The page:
The Tasting Panel magazine

July 2014

Issue link:

Contents of this Issue


Page 127 of 134

july 2014  /  the tasting panel  /  1 17 In 1998, Scott Neal, who with wife Lisa founded Coeur de Terre vineyards in the McMinnville AVA, strongly endorsed the community sentiment, "People in the Willamette Valley are serious about growing grapes and making wine as a community. We are not competitive. We share resources, information and equipment. We believe that we are all better together." Winderlea Vineyards is located at the mouth of the Dundee Hills AVA where husband and wife owners Bill Sweat and Donna Morris are ardent supporters of the Willamette Valley movement. Donna believes that collaboration in the community is key if you want to be as good as possible. "Even more remarkable," she says, "is that the first genera- tion of wine pioneers is still in Willamette Valley. And they are not just a valuable resource; they are doing an amazing job turn- ing over the reins to the second generation, who continue to grow and push boundaries." "Momentum builds on itself," proclaimed Sweat. "A lot can be said for standing on the shoulders of the people that started this adventure. As the momentum continues to build, we continue to make better wines." Second-generation winemaker Adam Campbell of Elk Cove Vineyards, located in the Yamhill-Carlton AVA, asserts that being a relatively young, closely knit wine com- munity has other advantages as well. He says, "The people who communicate the message about the high quality of Pinot Noir in Willamette Valley and who we are as a com- munity is controlled by many small independent producers, not one or two large corporations." Ryan Harris, President of Domaine Serene, shared that he thinks it's the people as well as the place that makes Willamette Valley so special. Harris says, "There's a depth of character, in the nature of the people here, both the veterans and the newcomers. Both are committed to making wines that come through the land. It is genuine. It is honest. And it comes through both the Pinot Noir and the Chardonnay, and it is meaningful." Neal continues, "In the beginning, we were imitating Burgundy, but we have come to realize that we are our own place. Willamette Valley is unique." Bergstrom concurs. "Turning into a region comes with time, and you evolve along with the region. We are all trying to make the best Willamette Valley wines we can. At first, there was pressure to please the critics, but I think we're past that. Now we're simply making the best Oregon wines—Pinot Noir, Chardonnay, Pinot Gris—that we can." "And the quality is uniformly higher and better," adds Dick Shea, the grapes from whose eponymous vineyard are used by over 20 wineries to produce Shea Vineyard–designated Pinot Noirs. "People with more capital are coming into the Valley. Equipment is getting better, techniques are getting better, the science is getting better. We have made huge strides in the learning curve and it all leads to improved wines." Campbell summed up the evening perfectly. "The best vineyard site in Willamette Valley hasn't been discovered yet. We have planted some awesome vineyards, but we're still looking because I think the best is yet to come." Scott Neal of Coeur de Terre Vineyards insists that the community in Willamette is not competitive. (above) Ryan Harris of Domaine Serene believes that there is an honesty that comes through the wines from Willamette Valley. (left) Bill Sweat and Donna Morris of Winderlea Vineyards believe community is key to Willamette Valley's success.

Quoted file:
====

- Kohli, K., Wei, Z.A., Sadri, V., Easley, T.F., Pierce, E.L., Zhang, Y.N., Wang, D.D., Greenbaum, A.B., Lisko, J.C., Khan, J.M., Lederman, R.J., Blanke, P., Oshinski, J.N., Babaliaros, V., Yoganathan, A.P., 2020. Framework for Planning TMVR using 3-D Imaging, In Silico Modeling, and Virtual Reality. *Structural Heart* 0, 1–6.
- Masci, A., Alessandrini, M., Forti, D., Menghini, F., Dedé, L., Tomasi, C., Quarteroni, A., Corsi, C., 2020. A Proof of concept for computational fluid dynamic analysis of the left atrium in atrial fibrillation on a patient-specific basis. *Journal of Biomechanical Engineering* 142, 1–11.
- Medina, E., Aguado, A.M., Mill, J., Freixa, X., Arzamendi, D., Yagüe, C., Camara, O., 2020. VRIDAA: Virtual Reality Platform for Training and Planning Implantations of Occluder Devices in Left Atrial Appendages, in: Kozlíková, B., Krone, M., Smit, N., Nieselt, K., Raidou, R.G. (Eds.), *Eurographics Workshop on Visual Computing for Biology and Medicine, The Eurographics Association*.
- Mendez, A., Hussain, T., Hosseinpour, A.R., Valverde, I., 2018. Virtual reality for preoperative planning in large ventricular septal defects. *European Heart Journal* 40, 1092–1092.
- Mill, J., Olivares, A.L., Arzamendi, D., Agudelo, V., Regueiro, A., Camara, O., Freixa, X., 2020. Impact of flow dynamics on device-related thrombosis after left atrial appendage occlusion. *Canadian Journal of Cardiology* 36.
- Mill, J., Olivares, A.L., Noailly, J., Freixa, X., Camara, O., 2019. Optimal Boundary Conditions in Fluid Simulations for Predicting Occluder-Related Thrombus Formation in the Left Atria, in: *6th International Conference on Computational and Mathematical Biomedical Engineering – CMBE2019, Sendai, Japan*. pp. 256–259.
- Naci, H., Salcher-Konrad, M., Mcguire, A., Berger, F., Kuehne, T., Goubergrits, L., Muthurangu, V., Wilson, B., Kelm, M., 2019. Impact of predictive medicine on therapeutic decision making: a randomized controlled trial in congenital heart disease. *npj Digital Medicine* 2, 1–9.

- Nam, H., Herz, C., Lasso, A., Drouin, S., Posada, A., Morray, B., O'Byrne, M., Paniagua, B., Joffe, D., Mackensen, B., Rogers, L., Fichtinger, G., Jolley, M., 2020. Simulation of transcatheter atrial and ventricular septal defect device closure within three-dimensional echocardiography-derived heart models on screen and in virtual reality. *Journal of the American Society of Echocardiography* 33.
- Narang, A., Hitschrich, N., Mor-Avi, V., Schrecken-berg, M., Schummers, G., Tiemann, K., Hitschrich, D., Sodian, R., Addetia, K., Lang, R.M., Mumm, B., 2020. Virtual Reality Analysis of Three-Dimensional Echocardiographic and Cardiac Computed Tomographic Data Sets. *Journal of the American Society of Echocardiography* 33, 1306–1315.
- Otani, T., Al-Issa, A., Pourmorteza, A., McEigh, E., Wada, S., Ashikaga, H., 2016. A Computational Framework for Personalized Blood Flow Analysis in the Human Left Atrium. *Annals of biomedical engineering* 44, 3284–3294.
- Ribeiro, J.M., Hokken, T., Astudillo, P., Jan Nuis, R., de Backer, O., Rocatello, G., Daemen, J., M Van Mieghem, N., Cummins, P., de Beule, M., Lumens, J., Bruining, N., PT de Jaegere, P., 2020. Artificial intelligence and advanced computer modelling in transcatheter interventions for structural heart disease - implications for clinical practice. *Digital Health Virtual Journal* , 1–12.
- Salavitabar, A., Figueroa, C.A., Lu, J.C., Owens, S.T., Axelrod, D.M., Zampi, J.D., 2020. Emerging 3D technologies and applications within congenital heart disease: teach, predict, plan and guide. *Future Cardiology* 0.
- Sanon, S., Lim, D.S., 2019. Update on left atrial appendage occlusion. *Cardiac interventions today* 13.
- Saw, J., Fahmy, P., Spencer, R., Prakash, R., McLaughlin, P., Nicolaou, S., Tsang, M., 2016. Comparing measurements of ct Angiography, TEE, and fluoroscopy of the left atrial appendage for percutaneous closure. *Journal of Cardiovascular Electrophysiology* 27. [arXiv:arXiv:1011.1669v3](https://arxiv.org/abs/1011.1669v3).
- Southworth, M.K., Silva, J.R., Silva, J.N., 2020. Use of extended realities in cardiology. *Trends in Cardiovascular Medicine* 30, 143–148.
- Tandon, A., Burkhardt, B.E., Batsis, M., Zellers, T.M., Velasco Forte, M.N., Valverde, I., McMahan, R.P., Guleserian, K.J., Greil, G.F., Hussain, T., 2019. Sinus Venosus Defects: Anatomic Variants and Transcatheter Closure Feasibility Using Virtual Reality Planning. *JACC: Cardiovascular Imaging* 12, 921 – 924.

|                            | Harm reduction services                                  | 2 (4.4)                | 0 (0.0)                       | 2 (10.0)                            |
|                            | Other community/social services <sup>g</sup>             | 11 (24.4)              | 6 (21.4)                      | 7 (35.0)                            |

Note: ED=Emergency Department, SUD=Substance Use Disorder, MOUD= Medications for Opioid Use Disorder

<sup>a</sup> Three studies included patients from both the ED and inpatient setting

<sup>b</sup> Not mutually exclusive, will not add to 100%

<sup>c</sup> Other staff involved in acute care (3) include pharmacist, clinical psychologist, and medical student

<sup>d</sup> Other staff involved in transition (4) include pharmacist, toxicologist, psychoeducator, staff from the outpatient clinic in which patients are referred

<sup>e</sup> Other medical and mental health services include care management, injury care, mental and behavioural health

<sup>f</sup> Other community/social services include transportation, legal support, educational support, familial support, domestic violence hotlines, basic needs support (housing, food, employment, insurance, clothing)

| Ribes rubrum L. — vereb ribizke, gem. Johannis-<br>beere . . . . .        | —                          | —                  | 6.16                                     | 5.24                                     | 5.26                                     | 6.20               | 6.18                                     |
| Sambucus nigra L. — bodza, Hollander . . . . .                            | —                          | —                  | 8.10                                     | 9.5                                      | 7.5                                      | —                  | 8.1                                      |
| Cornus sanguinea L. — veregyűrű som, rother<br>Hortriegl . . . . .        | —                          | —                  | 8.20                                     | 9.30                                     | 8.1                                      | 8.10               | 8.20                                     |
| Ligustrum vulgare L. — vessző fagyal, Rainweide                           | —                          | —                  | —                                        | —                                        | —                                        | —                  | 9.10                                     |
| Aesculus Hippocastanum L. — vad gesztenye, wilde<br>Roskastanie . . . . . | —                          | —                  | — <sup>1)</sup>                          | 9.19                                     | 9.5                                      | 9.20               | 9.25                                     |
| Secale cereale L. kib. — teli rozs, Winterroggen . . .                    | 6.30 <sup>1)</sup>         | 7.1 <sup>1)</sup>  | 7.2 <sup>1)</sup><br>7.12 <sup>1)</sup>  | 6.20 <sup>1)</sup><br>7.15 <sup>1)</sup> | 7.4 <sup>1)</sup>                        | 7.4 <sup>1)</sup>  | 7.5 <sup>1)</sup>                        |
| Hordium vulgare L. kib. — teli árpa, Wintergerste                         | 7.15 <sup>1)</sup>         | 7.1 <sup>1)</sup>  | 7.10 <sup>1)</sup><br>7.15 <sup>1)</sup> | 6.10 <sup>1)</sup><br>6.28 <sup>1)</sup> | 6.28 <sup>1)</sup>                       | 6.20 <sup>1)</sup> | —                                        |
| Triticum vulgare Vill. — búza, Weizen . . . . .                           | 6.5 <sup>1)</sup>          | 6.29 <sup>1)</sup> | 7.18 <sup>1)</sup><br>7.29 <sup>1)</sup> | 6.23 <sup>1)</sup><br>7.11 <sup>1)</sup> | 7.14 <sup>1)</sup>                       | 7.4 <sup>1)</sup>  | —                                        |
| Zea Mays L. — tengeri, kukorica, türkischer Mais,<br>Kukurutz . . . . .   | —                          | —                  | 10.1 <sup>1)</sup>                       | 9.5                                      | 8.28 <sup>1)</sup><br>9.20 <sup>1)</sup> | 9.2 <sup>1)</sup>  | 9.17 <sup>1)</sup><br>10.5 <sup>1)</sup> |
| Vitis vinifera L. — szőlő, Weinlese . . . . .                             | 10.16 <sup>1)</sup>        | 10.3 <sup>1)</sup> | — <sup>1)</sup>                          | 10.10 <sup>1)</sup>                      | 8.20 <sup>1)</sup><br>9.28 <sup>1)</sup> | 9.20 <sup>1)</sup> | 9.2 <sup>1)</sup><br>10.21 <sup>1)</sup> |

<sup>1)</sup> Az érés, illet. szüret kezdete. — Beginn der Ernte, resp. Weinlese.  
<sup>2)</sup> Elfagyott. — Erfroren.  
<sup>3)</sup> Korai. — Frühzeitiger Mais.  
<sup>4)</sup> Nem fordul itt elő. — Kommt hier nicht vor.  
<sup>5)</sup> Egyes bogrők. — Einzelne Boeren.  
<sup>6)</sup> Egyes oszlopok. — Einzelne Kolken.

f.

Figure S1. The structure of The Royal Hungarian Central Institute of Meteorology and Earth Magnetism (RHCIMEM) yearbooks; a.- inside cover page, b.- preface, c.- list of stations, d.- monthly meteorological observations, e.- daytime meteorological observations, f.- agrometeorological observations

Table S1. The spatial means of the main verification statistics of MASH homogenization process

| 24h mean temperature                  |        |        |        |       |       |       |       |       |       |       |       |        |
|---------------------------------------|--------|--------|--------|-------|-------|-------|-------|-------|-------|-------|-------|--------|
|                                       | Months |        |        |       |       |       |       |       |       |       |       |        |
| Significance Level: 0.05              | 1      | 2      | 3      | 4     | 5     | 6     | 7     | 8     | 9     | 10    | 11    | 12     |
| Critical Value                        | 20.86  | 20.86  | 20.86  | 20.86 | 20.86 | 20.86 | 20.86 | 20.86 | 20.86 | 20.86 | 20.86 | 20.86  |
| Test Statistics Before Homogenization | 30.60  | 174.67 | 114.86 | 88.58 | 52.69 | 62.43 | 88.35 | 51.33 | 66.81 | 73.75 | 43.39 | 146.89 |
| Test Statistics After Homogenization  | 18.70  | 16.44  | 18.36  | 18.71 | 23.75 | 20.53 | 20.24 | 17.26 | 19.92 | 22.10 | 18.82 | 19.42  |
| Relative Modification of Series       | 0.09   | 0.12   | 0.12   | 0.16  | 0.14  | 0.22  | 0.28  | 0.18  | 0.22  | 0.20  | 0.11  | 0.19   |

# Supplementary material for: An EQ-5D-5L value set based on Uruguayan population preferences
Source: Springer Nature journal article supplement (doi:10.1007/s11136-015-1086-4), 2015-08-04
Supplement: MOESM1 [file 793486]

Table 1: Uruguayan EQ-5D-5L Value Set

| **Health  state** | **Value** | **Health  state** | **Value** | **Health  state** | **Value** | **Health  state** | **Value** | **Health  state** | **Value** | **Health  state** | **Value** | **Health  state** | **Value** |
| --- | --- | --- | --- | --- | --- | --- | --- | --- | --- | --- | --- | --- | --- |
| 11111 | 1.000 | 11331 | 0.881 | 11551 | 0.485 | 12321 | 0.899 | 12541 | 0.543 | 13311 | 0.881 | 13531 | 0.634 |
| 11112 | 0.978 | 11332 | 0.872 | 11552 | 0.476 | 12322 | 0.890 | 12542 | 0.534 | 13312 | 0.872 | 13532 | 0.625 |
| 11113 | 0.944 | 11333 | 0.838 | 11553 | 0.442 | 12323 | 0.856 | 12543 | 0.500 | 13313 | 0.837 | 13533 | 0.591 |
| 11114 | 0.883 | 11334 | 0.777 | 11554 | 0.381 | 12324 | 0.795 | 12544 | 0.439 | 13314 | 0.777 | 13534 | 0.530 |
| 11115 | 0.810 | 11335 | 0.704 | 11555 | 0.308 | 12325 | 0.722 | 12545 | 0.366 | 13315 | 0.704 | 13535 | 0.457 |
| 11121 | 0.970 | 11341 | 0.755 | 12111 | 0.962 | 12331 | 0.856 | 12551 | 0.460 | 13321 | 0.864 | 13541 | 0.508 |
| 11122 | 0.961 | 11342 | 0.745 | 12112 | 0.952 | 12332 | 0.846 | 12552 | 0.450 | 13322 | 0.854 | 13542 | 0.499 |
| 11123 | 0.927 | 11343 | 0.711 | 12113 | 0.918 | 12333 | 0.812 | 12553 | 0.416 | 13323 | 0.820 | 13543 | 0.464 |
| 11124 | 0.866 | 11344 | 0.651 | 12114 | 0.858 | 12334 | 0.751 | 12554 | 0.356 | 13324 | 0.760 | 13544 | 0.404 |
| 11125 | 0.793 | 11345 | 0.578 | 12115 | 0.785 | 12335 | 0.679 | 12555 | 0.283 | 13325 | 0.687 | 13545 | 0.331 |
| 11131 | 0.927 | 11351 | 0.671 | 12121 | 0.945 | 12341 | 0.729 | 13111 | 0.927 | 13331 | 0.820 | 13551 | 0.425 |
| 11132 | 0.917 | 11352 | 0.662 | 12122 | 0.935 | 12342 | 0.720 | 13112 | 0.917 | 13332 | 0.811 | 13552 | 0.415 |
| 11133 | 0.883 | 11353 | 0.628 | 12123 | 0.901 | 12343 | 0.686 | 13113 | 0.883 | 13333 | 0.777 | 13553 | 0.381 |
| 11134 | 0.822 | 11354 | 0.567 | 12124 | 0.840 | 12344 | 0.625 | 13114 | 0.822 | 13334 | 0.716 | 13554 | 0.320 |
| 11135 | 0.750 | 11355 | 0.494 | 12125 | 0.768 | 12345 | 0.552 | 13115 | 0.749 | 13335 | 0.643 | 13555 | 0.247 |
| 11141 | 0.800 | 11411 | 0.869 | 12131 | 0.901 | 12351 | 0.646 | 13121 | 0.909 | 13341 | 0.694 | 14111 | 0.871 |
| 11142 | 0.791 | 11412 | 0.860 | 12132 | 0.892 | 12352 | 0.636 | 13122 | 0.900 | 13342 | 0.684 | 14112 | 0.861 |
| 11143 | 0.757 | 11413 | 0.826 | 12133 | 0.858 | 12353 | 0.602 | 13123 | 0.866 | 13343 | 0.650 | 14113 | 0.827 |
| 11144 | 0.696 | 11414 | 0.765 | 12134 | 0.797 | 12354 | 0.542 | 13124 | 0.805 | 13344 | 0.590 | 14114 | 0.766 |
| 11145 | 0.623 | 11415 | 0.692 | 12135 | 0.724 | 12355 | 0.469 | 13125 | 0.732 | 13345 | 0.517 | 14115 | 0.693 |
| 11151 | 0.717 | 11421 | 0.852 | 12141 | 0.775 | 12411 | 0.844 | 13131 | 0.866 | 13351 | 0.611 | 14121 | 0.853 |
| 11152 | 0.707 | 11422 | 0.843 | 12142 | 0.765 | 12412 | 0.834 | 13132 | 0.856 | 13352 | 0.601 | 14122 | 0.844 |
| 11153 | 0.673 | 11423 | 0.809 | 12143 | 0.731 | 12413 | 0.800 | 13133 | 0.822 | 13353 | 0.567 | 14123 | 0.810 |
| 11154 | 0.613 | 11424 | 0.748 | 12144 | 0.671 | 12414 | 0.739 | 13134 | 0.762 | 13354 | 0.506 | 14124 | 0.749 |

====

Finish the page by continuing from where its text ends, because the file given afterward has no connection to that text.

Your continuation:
Articles in this issue

Archives of this issue

view archives of The Tasting Panel magazine - July 2014